In the investing world, dividends are all the rage these days. Investors large and small are clamoring for the reliability of quarterly dividend payments. There's good reason for this, especially considering what investors just went through only a few years ago. As the stock market crashed in 2008-2009, dividends provided valuable insulation against the bear market. And, now that the market has recovered, dividends only add to returns when stock prices rise.
One of the most well-known dividend stocks out there is consumer-staples giant Procter & Gamble (NYSE:PG), which has weathered a number of storms throughout its existence. P&G endured the Great Depression, wars, and several economic recessions, yet it survived and enriched its shareholders along the way.
P&G is a high-quality company thanks to its powerful brands, which is something it has in common with Clorox (NYSE:CLX). The brand portfolio along with strong financial management explain why P&G remains a fantastic dividend stock you can confidently buy today.
World-class brands with staying power
Throughout the tumultuous events mentioned above, P&G continued to do what it does best. That is, the company consistently generated stable cash flow and returned a sizable portion of that cash back to shareholders with a solid dividend. P&G maintains a track record of paying and raising its dividend that is the envy of almost every other company.
The reason for such tremendous success year in and year out for such a long period of time is that P&G holds a stable of universally trusted and well-known brands. Just a few of these include Charmin, Bounty, Tide, Gillette, and Crest.
P&G has a total of 50 leadership brands that make up more than 90% of its sales and profits. Of those, 25 are called billion-dollar brands because they each rake in at least $1 billion in annual sales.
P&G is joined by other consumer-staples companies in this regard, such as Clorox. Clorox recently raised its dividend as it has done every year since 1977. This is possible because Clorox holds a number of strong brands too, including its namesake bleach as well as Kingsford charcoal and Hidden Valley salad dressing. In all, nearly 90% of Clorox's portfolio is comprised of brands that hold either the No.1 or No. 2 position in their respective categories.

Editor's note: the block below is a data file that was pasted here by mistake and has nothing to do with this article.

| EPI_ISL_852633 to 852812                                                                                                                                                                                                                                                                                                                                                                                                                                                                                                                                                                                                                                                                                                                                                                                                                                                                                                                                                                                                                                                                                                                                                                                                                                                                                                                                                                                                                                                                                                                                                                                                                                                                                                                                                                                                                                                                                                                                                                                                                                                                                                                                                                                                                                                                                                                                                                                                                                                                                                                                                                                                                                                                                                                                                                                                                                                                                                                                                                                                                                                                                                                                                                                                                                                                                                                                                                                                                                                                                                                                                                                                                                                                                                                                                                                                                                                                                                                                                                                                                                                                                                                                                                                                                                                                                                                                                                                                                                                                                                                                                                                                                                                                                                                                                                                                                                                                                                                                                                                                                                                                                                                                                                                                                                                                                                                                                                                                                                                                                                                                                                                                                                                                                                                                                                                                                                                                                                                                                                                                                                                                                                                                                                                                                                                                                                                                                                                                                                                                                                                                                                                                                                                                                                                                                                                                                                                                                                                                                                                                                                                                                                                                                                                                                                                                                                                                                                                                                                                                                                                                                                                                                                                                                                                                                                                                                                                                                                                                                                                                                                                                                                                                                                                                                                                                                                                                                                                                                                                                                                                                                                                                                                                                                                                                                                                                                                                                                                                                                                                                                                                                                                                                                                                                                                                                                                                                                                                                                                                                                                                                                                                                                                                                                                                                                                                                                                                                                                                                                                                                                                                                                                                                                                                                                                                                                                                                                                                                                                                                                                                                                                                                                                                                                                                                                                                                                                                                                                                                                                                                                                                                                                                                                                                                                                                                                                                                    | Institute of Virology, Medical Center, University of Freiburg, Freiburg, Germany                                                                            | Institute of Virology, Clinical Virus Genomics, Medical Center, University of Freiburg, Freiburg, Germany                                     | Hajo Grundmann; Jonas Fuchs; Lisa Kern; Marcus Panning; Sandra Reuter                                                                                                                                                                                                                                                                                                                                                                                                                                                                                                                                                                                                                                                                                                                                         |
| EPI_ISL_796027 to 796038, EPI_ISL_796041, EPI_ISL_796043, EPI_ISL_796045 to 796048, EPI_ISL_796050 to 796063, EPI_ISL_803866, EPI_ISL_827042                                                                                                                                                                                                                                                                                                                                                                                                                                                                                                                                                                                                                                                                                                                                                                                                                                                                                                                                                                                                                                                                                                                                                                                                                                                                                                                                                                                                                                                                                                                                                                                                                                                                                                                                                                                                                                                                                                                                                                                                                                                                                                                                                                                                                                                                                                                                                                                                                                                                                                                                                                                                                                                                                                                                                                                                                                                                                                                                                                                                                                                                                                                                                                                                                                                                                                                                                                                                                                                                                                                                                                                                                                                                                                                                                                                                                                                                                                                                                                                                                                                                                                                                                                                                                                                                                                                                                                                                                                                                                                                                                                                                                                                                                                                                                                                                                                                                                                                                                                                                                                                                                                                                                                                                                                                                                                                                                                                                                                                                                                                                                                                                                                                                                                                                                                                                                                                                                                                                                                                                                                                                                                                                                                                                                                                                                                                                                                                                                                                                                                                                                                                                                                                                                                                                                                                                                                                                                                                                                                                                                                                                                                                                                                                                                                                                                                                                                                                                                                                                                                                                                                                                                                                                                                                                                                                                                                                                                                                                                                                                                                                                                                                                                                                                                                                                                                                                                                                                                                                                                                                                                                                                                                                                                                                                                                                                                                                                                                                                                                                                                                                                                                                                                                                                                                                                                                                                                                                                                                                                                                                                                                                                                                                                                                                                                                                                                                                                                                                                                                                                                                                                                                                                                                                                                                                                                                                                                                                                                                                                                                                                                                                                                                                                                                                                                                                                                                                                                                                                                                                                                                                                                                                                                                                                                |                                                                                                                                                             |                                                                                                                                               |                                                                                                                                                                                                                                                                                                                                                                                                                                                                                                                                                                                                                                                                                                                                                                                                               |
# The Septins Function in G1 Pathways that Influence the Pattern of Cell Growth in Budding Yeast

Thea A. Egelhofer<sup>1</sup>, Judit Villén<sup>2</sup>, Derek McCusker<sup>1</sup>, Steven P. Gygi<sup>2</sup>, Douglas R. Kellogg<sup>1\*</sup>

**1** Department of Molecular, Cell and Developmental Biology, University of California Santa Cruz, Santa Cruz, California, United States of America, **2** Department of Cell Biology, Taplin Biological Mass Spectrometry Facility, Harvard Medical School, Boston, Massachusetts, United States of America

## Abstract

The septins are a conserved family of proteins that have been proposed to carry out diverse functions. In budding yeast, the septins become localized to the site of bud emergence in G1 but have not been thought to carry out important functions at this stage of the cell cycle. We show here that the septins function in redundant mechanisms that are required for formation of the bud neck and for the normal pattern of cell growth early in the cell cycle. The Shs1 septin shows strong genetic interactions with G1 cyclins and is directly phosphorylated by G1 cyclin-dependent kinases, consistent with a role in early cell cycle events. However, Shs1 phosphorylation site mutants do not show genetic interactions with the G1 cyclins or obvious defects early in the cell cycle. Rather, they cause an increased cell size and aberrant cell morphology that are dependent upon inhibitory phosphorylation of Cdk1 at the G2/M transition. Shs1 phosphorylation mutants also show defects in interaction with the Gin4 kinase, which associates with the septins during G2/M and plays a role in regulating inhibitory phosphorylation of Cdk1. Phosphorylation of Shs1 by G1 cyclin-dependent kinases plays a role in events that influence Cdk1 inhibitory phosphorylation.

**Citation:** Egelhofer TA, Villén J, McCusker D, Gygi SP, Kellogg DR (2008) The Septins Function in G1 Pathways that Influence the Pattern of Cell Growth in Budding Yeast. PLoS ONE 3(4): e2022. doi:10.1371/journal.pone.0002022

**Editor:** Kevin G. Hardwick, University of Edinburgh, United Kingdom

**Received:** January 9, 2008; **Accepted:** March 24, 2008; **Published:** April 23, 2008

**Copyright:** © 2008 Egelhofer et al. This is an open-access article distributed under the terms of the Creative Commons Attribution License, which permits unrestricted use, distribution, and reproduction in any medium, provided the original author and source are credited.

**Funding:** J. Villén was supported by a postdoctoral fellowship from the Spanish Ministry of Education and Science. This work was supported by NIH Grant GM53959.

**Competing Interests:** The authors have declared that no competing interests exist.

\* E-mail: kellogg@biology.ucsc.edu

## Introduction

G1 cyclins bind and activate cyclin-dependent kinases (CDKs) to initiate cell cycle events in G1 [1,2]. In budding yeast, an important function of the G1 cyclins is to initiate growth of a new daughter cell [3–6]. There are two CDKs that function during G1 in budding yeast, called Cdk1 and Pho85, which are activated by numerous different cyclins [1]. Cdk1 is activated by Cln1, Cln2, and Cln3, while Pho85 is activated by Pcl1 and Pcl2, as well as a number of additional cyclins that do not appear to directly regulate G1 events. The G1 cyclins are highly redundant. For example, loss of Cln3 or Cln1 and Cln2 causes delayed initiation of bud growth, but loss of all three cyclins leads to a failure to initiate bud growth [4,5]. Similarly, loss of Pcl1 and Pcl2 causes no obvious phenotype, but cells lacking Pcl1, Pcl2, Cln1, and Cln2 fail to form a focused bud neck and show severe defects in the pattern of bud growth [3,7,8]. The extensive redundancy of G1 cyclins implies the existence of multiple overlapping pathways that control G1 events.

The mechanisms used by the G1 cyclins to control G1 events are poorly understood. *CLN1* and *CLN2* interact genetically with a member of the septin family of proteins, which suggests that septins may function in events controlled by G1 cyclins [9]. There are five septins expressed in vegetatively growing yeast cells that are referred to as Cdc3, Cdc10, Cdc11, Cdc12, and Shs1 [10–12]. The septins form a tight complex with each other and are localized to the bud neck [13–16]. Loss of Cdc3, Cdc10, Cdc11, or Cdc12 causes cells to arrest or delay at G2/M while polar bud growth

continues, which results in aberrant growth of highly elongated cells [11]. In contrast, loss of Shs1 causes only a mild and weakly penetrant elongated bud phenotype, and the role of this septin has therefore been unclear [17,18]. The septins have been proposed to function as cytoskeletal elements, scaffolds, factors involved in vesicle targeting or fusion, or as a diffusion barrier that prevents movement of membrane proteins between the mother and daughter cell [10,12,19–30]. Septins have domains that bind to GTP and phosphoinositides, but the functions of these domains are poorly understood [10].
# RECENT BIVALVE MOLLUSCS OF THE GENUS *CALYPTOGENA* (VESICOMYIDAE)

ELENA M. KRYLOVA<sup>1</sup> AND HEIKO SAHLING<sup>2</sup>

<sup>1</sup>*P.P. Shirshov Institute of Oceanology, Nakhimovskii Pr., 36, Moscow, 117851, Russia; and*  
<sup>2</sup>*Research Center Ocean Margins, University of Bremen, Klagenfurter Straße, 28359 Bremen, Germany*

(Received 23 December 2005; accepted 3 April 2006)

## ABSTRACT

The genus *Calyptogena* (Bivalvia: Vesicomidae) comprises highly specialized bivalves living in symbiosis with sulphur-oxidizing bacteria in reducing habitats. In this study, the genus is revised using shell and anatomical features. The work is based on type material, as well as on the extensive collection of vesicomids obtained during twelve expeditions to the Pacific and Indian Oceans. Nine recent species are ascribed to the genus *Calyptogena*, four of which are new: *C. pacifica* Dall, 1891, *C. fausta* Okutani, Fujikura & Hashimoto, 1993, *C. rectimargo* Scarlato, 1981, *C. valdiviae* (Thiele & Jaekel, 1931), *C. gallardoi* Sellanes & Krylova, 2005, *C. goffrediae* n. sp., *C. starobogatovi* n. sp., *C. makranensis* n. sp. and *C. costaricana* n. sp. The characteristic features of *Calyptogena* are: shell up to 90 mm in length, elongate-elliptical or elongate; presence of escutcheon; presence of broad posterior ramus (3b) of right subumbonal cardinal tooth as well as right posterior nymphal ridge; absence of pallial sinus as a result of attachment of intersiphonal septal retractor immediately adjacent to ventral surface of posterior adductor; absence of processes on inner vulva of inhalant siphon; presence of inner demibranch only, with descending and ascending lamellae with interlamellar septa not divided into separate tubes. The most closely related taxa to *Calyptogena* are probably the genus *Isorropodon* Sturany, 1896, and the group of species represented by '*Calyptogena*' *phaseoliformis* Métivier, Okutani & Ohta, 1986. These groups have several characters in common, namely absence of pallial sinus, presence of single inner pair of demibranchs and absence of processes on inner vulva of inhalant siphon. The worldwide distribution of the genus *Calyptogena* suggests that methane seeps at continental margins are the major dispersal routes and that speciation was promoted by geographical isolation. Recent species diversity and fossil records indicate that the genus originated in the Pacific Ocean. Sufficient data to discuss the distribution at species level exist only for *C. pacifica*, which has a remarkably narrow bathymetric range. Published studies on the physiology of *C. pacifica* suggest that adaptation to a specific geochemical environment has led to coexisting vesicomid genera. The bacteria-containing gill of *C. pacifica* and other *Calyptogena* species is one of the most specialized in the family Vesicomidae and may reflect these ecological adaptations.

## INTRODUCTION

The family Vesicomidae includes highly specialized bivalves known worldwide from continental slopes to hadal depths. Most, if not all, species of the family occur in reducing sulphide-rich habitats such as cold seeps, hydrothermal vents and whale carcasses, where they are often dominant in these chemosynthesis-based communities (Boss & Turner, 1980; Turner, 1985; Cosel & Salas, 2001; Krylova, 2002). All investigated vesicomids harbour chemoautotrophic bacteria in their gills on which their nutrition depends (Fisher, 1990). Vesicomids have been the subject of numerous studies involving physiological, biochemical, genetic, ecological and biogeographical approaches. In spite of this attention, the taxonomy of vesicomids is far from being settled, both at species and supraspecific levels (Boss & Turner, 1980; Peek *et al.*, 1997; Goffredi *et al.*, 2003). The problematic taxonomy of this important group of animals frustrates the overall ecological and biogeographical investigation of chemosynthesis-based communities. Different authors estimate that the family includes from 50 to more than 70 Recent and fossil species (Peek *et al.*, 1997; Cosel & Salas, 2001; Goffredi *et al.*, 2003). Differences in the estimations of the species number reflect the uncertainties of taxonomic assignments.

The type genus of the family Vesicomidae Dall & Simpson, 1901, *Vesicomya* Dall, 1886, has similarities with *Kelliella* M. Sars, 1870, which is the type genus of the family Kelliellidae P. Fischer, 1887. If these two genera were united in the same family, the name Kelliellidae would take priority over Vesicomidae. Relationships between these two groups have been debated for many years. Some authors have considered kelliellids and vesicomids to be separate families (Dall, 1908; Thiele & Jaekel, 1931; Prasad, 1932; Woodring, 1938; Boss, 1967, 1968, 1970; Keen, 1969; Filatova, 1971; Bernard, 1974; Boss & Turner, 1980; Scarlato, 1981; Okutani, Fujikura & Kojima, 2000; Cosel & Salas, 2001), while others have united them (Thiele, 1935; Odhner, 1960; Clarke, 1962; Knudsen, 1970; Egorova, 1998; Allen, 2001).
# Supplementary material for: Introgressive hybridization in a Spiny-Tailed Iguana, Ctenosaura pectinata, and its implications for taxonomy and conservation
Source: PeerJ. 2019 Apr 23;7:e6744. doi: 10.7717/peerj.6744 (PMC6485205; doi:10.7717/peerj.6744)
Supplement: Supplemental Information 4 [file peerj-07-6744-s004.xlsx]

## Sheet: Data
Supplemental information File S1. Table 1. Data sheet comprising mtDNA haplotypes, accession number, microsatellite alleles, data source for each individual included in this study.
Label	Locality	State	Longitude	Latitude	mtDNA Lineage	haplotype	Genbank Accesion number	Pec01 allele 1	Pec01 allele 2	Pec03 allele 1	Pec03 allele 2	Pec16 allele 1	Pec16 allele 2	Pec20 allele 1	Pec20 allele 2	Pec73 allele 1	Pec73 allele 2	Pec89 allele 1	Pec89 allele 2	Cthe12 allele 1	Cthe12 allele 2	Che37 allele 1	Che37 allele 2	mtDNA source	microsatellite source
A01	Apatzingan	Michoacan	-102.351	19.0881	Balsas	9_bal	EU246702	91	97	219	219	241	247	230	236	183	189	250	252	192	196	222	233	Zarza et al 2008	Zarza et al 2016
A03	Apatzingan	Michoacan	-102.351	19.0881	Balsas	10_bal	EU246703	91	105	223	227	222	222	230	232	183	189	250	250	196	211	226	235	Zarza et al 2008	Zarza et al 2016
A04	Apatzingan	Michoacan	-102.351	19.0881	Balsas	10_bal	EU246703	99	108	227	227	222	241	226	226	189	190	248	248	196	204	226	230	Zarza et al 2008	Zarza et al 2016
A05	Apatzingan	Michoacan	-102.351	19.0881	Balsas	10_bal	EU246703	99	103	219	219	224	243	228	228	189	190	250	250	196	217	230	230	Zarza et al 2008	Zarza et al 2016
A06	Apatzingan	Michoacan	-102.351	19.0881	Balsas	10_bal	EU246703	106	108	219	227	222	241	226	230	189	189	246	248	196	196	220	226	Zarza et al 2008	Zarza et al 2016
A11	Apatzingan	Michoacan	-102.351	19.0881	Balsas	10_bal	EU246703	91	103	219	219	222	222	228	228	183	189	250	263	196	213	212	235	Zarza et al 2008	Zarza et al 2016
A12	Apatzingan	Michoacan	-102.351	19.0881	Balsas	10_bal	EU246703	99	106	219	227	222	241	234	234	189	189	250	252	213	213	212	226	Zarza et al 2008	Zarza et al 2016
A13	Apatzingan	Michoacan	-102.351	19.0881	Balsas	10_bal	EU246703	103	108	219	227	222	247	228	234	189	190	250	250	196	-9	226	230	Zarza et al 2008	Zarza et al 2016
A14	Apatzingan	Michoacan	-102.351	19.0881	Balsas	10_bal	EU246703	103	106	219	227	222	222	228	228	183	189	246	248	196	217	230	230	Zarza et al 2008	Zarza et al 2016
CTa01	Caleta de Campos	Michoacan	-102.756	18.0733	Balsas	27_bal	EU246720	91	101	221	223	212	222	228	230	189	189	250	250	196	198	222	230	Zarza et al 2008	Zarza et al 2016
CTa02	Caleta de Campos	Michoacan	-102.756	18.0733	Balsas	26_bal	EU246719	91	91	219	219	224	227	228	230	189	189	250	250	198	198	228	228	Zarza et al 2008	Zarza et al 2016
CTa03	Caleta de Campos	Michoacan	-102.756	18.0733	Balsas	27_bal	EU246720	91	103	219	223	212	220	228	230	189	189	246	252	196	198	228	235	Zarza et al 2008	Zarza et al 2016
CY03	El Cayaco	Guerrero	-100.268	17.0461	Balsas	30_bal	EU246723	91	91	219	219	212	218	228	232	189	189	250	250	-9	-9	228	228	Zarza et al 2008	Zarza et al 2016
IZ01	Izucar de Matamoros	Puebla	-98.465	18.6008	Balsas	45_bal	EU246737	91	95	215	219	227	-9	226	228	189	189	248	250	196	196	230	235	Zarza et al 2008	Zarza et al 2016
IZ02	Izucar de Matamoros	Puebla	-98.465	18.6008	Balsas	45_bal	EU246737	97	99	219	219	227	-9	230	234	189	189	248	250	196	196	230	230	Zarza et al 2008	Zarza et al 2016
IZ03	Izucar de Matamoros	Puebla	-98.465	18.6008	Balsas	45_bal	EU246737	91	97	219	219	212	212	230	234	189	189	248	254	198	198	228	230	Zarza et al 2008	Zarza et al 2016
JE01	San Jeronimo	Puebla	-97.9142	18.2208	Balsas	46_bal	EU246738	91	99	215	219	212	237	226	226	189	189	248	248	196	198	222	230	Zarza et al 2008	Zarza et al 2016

Tremendous track record speaks for itself
Put simply, it's not a stretch to assume that one or more of P&G's products are currently held in nearly every household in America. Even better is that the company's products are purchased regardless of the prevailing economic environment. In good economies or bad, people need deodorant, paper towels, and razors. This is what allows P&G to keep dishing out its hefty dividends, year after year.
Consider that P&G raised its dividend earlier this year for the 58th consecutive year. It's paid a dividend for 124 consecutive years now. That means it's paid a cash dividend each and every year since its incorporation in 1890.
There's plenty of room for those payouts to keep flowing since it's extremely unlikely people will suddenly stop using laundry detergent, paper towels, or toothpaste. What provides P&G additional financial flexibility to keep raising its dividend is that it holds a sustainable dividend policy.
P&G earned $4.05 per share in its last fiscal year, and its current annualized dividend stands at $2.57 per share. That means the company distributed less than two-thirds of its profits, giving it plenty of room to keep bumping up its payout in future years.
Put simply, P&G sells products that will be used by millions of people every day, regardless of the shape of the broader economy. If you're looking for a stock that will help you build long-term wealth and sleep well at night, you should add P&G to your portfolio.
Bob Ciura has no position in any stocks mentioned. The Motley Fool recommends Procter & Gamble. Try any of our Foolish newsletter services free for 30 days. We Fools may not all hold the same opinions, but we all believe that considering a diverse range of insights makes us better investors. The Motley Fool has a disclosure policy.